Here’s a quick run-down of H.R. 2316: Honest Leadership and Open Government Act of 2007 [text], which the House passed May 24 with an overwhelming majority. It goes to the Senate next.
Let’s start with the great news: A lobbying disclosure database would be mandated:
Sec 208. “[The Secretary of the Senate and the Clerk of the House of Representatives shall] maintain, and make available to the public over the Internet, without a fee or other access charge, in a searchable, sortable, and downloadable manner, an electronic database that– (A) includes the information contained in registrations and reports filed under this Act; (B) directly links the information it contains to the information disclosed in reports filed with the Federal Election Commission under section 304 of the Federal Election Campaign Act of 1971 (2 U.S.C. 434); and (C) is searchable and sortable to the maximum extent practicable, including searchable and sortable by each of the categories of information described in section 4(b) or 5(b)”
Section 402 adds to that public Internet access to “The advance authorizations, certifications, and disclosures filed with respect to transportation, lodging, and related expenses for travel . . . by Members . . ., officers, and employees.”
Then the good but not very exciting to me news: Title 2 increases the frequency of some lobbying disclosure reports from 6 months to 3 months, and lowers dollar-amount thresholds of what needs to be reported, thus making more things required to be reported. Unfortunately the bill refers to existing law and I’d have to read that to see what in particular is affected, but I don’t have time to do that now. The title also requires electronic filing of lobbing reports, includes requests for earmarks as items to be reported, and requires the reporting of lobbyists contributions to members of congress over a certain threshold (as I understand it). The title also bans travel gifts wholesale.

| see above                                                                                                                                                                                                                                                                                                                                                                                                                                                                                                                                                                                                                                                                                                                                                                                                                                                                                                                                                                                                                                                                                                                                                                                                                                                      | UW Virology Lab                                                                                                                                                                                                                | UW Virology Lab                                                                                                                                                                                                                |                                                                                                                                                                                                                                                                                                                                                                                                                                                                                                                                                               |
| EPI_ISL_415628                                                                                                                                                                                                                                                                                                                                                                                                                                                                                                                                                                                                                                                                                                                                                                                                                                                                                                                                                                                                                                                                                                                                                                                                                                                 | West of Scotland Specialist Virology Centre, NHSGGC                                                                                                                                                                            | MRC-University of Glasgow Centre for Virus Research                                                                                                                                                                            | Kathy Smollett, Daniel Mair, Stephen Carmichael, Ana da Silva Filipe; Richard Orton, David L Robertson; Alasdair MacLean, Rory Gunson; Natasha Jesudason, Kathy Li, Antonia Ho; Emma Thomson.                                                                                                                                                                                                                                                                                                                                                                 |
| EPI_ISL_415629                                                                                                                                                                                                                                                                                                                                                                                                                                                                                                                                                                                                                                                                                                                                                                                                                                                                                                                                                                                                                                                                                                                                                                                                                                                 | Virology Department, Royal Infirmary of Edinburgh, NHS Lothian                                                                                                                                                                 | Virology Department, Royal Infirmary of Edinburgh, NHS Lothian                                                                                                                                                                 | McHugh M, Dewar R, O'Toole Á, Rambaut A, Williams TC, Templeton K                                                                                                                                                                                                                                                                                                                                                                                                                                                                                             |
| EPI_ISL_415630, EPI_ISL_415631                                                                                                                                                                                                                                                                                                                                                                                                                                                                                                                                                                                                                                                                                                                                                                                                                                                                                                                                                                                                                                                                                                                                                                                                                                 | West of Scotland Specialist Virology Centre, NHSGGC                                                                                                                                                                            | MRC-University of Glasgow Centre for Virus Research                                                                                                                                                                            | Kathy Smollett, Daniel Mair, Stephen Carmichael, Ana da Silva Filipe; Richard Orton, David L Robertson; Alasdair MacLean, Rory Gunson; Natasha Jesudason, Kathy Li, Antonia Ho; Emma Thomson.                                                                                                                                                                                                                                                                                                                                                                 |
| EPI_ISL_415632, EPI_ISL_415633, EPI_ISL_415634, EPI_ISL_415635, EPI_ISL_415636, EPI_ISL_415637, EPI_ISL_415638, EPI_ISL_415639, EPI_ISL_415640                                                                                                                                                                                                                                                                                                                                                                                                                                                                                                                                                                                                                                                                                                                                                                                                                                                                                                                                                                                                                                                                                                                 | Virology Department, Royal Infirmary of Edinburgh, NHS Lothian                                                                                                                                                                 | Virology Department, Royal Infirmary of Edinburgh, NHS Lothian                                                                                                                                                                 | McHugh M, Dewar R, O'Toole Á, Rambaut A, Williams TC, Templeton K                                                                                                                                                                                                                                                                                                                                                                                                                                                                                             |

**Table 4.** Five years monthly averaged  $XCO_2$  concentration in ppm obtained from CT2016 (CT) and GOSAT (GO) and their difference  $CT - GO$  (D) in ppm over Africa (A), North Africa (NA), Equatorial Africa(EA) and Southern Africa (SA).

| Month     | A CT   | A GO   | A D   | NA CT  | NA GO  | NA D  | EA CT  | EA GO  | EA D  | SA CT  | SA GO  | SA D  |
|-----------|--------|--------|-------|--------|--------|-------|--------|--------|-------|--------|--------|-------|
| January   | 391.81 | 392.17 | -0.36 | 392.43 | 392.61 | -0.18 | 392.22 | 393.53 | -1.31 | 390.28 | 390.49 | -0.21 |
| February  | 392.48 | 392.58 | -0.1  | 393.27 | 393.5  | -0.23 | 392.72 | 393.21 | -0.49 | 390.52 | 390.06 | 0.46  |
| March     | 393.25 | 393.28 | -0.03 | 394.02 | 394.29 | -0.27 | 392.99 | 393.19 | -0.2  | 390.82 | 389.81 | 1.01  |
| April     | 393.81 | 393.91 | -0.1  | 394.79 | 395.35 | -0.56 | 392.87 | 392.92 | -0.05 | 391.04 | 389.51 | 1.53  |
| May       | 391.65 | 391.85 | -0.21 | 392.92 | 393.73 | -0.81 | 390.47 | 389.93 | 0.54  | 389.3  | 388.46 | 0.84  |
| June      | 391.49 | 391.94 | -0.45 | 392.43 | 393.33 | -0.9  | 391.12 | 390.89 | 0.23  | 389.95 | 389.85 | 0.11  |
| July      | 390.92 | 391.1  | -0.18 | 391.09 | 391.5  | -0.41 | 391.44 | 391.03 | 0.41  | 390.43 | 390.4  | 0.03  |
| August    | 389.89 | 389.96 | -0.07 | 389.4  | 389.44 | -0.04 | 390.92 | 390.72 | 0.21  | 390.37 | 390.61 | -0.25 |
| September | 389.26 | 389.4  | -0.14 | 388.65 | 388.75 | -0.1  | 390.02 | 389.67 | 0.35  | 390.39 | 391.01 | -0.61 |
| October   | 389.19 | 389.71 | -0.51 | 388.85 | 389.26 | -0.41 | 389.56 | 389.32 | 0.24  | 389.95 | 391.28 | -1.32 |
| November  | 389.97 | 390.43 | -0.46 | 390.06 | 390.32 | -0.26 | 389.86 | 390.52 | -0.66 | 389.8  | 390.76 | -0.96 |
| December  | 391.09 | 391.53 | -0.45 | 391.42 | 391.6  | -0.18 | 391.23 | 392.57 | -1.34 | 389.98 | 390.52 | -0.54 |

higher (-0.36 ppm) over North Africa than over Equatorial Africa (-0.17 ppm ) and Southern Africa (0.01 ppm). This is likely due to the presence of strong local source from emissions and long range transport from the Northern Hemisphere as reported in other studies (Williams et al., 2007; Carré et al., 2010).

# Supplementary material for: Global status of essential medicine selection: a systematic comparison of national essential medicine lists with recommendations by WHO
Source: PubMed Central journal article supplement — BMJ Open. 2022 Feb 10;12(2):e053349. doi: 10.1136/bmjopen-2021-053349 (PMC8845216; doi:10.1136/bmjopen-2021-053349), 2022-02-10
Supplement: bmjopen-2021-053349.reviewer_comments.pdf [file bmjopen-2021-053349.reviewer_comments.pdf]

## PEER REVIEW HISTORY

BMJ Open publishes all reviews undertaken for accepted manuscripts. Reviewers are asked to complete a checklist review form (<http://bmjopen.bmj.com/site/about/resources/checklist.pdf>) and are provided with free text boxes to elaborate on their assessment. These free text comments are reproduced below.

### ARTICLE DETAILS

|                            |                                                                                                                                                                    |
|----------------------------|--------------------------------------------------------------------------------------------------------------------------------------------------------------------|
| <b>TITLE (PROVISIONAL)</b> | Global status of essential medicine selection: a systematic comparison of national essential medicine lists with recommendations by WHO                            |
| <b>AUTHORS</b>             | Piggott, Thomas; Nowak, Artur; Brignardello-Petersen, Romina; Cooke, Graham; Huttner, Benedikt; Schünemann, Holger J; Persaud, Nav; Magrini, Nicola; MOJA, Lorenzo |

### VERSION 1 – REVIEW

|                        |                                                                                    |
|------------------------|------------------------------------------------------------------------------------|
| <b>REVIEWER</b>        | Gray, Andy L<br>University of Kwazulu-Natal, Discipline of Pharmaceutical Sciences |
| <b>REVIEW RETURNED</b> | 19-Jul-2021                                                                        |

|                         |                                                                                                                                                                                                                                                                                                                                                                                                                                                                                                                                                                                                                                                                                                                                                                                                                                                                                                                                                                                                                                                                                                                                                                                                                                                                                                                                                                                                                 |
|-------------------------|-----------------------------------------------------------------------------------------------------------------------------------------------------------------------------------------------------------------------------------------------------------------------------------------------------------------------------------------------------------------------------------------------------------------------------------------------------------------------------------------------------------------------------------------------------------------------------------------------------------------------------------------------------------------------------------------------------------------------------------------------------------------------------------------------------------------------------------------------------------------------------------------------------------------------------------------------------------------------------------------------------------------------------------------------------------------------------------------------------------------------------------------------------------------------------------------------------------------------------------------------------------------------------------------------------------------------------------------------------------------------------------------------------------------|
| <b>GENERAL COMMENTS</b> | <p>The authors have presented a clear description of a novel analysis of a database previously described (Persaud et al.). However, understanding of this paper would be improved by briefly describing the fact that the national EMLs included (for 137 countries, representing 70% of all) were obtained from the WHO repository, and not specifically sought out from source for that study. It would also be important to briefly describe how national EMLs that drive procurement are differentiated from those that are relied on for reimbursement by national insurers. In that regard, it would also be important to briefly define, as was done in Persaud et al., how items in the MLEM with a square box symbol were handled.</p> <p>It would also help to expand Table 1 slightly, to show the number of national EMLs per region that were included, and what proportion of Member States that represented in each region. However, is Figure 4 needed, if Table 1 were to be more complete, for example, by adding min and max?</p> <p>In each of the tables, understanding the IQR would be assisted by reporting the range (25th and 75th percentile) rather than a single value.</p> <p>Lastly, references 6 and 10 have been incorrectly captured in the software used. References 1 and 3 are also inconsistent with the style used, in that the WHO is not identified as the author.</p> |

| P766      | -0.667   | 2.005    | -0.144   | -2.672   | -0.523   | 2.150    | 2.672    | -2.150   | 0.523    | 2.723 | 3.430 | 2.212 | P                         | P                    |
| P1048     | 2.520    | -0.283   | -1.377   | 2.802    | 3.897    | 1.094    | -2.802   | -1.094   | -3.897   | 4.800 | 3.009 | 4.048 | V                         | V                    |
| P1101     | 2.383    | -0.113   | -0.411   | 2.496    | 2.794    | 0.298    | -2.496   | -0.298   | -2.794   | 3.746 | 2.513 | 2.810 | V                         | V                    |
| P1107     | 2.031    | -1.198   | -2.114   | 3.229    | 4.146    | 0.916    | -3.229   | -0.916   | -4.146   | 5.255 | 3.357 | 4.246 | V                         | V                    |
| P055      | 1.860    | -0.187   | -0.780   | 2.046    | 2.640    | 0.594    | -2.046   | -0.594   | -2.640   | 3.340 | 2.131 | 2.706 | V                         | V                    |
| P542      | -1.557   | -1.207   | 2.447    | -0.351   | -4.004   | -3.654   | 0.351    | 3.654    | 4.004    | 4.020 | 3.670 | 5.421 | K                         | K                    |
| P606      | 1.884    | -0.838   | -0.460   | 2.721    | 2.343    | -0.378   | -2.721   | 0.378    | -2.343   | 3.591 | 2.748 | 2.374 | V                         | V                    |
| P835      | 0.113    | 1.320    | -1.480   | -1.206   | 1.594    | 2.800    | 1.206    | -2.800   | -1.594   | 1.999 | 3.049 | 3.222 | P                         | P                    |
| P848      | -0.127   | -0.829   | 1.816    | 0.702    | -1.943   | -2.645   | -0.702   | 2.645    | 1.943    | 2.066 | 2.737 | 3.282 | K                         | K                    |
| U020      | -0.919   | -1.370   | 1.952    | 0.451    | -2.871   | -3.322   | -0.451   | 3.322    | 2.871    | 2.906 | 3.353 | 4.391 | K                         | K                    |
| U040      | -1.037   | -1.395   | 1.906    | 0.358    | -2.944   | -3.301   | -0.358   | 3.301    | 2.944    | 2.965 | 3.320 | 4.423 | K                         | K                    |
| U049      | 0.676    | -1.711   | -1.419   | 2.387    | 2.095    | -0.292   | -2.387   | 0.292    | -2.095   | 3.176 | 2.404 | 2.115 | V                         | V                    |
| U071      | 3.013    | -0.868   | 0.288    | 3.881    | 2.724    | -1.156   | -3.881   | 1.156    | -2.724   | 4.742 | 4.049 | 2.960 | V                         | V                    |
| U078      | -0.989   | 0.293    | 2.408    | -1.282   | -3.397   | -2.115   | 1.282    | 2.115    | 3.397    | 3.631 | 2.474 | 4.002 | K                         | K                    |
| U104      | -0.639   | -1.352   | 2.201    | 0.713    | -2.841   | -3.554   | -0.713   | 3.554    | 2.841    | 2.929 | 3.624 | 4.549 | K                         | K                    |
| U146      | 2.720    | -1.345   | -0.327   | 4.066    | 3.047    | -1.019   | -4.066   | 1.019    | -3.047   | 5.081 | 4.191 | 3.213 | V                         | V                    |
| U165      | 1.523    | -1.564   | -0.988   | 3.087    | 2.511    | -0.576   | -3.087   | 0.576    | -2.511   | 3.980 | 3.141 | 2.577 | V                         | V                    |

Now for what I think is probably pointless:
Title 1 adds some restrictions on how former members of congress can be employed, in an attempt to close the “revolving door” where former members use their connections to lobby. I don’t know enough about this to really evaluate the bill on these grounds, but I’m skeptical that it would have any meaningful impact. Other sections of the bill increase civil and criminal penalties for violating some of the existing provisions.
My favorite amendment (that I commented on two posts ago) made it into the bill. If you don’t say “duh” after reading this, don’t run for office, please!
It is the sense of the Congress that the use of a family relationship by a lobbyist who is an immediate family member of a Member of Congress to gain special advantages over other lobbyists is inappropriate.
And it works both ways:
Sec 401: A Member . . . shall prohibit all [his/her] staff . . . from having any official contact with that individual’s spouse if that spouse is a lobbyist . . .
So on the whole, this bill is a great first step forward, on account of the databases mandated to be created and the fact that the legislative language is absolutely perfect: “without a fee or other access charge, in a searchable, sortable, and downloadable manner, an electronic database.” It better not be the last step, though. There is much more to be done.
So let’s hope the House and Senate can get together on their respective ethics bills (S. 1 in the Senate) and get something enacted into law.